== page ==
Kitchn Cooking School
The Kitchn’s Cooking School

Cooking School Day 10: Rice & Grains

updated May 1, 2019
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  • Today’s Topic: Rice & Grains
  • The Goal: 20 lessons, 20 days to become a better cook at home
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Knowing how to cook a good pot of rice is another cornerstone of our home cooking. Once you have that mastered, you’ll always have a quick side dish or the beginnings of a meal in your back pocket. You can also start to build on your skills to make risottos, delicious pilafs, and grain dishes that use anything from barley to farro. It all starts with you, a scoop of rice or grain, and a pot.

(Image credit: Dana Velden)

Day 10 Lesson: Rice & Grains

What are Grains? Let’s start with the real basics here. What we call grains are the seeds or kernels of cereal crops like wheat, rice, barley, sorghum, and so on. (See how grain goes from field to bread.) A “whole grain” consists of the outer bran, the endosperm, and the germ, all of which are edible. Highly-milled grains, like white rice and pearled barley, have had the outer hull and much of the germ removed; they have less nutritional value, but they cook more quickly and some people feel they are more palatable. Whole grains are generally brown-colored while milled grains are generally white or very light brown.

How to Cook Grains: All grains from rice to wheat berries cook by absorbing water. You can steam them, cook them with a specific grain-to-water ratio, or simmer them in a large amount of water, like pasta. (Read more about these methods in today’s homework!) Whole grains will take a bit longer to cook, since their tough coating of bran inhibits absorption, while milled grains will cook quite quickly. Even so, most grains cook in about 15 to 35 minutes, with some of the tougher grains taking a bit longer. You can check them as they cook — when the grains taste tender and are no longer crunchy, they’re ready to eat. Most grains roughly double in volume once cooked.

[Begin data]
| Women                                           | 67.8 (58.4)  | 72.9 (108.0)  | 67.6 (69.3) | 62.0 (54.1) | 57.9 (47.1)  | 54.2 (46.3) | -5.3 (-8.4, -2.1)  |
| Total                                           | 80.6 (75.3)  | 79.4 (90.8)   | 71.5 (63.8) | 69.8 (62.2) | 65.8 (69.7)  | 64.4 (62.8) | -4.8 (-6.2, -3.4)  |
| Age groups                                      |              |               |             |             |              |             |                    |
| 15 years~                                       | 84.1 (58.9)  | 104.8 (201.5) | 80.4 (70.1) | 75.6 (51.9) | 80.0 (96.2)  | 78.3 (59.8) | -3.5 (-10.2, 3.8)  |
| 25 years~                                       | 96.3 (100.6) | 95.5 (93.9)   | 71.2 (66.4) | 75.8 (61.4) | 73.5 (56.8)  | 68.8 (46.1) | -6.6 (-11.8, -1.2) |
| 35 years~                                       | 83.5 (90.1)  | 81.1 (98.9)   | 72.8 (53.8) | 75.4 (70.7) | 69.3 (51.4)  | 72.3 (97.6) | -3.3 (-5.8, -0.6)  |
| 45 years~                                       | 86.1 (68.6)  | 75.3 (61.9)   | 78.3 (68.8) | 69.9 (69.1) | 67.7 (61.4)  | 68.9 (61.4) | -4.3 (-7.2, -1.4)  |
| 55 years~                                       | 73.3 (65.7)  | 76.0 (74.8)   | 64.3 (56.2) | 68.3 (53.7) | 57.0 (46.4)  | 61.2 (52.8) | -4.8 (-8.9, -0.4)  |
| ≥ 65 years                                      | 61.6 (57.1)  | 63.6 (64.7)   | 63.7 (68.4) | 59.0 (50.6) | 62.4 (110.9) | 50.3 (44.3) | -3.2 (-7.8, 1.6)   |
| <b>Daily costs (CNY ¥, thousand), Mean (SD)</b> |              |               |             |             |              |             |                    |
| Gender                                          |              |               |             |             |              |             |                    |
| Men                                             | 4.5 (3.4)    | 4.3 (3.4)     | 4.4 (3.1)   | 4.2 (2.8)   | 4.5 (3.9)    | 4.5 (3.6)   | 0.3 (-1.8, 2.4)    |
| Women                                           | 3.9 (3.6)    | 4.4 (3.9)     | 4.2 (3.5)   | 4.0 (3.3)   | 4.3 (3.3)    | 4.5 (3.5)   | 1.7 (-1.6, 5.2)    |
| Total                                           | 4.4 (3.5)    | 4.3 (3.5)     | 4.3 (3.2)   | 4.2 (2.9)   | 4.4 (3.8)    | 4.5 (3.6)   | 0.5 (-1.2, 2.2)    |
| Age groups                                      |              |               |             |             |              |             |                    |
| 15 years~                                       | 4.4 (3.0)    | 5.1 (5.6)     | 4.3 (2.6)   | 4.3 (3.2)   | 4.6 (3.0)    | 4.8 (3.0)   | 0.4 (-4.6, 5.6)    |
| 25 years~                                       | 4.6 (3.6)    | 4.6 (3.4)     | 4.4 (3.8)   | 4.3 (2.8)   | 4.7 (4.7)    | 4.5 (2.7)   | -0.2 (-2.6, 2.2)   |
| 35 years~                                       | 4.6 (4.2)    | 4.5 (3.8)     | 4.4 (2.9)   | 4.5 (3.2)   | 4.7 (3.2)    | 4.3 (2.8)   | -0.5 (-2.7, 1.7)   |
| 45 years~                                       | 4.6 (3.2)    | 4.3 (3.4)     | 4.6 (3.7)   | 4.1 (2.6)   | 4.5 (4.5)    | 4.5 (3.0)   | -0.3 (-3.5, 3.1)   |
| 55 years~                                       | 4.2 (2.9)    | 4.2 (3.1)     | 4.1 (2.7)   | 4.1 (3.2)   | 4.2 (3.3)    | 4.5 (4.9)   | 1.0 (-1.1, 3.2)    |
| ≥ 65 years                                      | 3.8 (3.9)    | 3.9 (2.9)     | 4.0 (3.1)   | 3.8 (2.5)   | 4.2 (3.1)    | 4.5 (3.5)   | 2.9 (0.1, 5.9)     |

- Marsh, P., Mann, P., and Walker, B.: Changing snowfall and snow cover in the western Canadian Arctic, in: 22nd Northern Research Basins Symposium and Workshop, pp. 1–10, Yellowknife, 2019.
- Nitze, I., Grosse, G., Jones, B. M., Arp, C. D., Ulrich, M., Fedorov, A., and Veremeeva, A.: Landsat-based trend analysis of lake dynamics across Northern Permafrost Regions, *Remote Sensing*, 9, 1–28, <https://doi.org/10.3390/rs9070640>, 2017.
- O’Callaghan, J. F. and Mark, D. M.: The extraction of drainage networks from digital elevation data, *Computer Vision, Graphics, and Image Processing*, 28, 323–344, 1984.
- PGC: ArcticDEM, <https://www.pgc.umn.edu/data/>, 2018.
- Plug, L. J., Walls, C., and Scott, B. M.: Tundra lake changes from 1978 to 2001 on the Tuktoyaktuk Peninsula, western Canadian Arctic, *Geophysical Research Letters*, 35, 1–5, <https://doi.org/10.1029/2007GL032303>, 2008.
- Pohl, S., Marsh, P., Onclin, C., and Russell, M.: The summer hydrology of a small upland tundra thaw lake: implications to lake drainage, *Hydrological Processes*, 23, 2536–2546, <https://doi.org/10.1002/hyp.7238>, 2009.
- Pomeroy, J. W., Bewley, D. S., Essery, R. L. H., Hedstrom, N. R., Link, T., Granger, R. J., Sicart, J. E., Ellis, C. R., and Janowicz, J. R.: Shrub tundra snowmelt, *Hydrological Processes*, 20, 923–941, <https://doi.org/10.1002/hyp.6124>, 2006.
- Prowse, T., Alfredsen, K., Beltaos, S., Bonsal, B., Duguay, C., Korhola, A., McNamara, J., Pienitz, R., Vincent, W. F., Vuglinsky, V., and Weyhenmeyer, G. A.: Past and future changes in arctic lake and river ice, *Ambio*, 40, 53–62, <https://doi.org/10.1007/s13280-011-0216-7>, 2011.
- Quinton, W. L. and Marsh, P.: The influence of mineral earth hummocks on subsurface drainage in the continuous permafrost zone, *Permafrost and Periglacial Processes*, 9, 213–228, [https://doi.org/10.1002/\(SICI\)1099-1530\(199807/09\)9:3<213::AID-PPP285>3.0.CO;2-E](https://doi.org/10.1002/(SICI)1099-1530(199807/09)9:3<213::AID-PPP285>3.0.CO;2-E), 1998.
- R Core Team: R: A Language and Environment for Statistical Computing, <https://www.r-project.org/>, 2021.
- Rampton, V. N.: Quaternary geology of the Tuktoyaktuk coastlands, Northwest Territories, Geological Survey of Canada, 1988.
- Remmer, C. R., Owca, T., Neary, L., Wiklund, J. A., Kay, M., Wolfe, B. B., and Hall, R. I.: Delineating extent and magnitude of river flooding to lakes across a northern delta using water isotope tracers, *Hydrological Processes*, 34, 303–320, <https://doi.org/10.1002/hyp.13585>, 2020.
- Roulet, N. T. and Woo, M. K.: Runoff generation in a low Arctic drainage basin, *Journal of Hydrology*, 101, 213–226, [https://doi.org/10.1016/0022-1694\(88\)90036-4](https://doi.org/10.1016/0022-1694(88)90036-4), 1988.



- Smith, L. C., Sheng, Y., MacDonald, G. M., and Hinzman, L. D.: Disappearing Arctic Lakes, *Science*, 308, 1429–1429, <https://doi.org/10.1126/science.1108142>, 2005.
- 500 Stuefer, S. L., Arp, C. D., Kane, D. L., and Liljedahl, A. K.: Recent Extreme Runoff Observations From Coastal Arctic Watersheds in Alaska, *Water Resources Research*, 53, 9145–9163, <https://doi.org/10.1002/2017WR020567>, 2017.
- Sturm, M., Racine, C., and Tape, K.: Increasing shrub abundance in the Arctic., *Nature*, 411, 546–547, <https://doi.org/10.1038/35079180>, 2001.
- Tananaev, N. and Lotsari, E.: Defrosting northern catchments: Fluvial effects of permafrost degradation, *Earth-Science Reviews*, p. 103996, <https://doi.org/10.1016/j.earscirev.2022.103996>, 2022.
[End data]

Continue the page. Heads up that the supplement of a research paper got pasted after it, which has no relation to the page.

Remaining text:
Pro Tip!

Cooked grains freeze extremely well, making them a healthy timesaver you can always have on hand. Just make extra of your next batch of grains, then freeze flat in a plastic ziptop bag. The frozen grains will defrost quickly to be reheated or thrown in salads, or can just be tossed frozen right into a soup or stir-fry!

Grains in a Recipe: Be sure to note whether the grains are supposed to be cooked or left uncooked before you start making the recipe. It can really trip up your dinner plans to get to halfway through meal prep and realize you were supposed to cook the rice before you started! Also, some grains need to be rinsed before being cooked. Rinsing removes some of the starch from the surface of the grain (particularly rice), which would otherwise make the grain sticky. Rinsing also removes a compound from quinoa that can make it taste bitter. Your recipe should usually specify if the grains need to be rinsed.

Swapping Grains in a Recipe: Grains can be used fairly interchangeably in recipes. You can always swap rice for barley in a casserole, for instance. Be careful of swapping grains where starchiness is a factor, like in risotto or when making sushi.

Going Beyond Cooking Grains with Water: Cooking grains in water is the most basic, fundamental, time-honored method. But it’s easy enough to add more flavor simply by cooking the grains in a bit of broth instead, or throwing a few herbs or spices into the pot. Even a bit of salt and a bay leaf will go a long way toward making grains more tasty.

(Image credit: Emma Christensen)
(Image credit: Henry Chen)

Every lesson has three homework options. Maybe you’ve already got one down, or you just have time for a quick study session. So pick one, and show us by tagging it with #kitchnschool on Instagram or Twitter.

(Image credit: Henry Chen)

Study: Take a look at these posts on cooking rice to get an idea for the different methods:

(Image credit: Henry Chen)

Practice: Cook a different grain than usual with your dinner tonight. If you normally cook rice, try barley. If you normally cook barley, try millet or quinoa. Here are a few guides for cooking other kinds of grains:

(Image credit: Henry Chen)

Improve: Take your grain skills one step higher and make a risotto following this method: How To Make Risotto at Home. If you already have risottos under your belt, try making one with a grain other than rice.

(Image credit: Faith Durand)

The Kitchn Cookbook & Rice and Grains

The Cooking School was inspired by our new book, The Kitchn Cookbook and there’s plenty in the book to help your Cooking School experience.

Today’s tip: See page 113 for a table of cooking times for rice and grains. It’s a good reference resource for when you just want to cook a quick pot without hunting down a specific recipe first.

5 Recipes to Practice Cooking Rice & Grains

The Kitchn’s Cooking School

The Kitchn’s Cooking School is 20 days, 20 lessons to become a better cook at home. Every day we’ll tackle an essential cooking topic and explain what you should know. Each lesson has three different homework options, so you can choose the one that teaches you what you need. Whether you want to refresh your skills or start from scratch, come to school with us!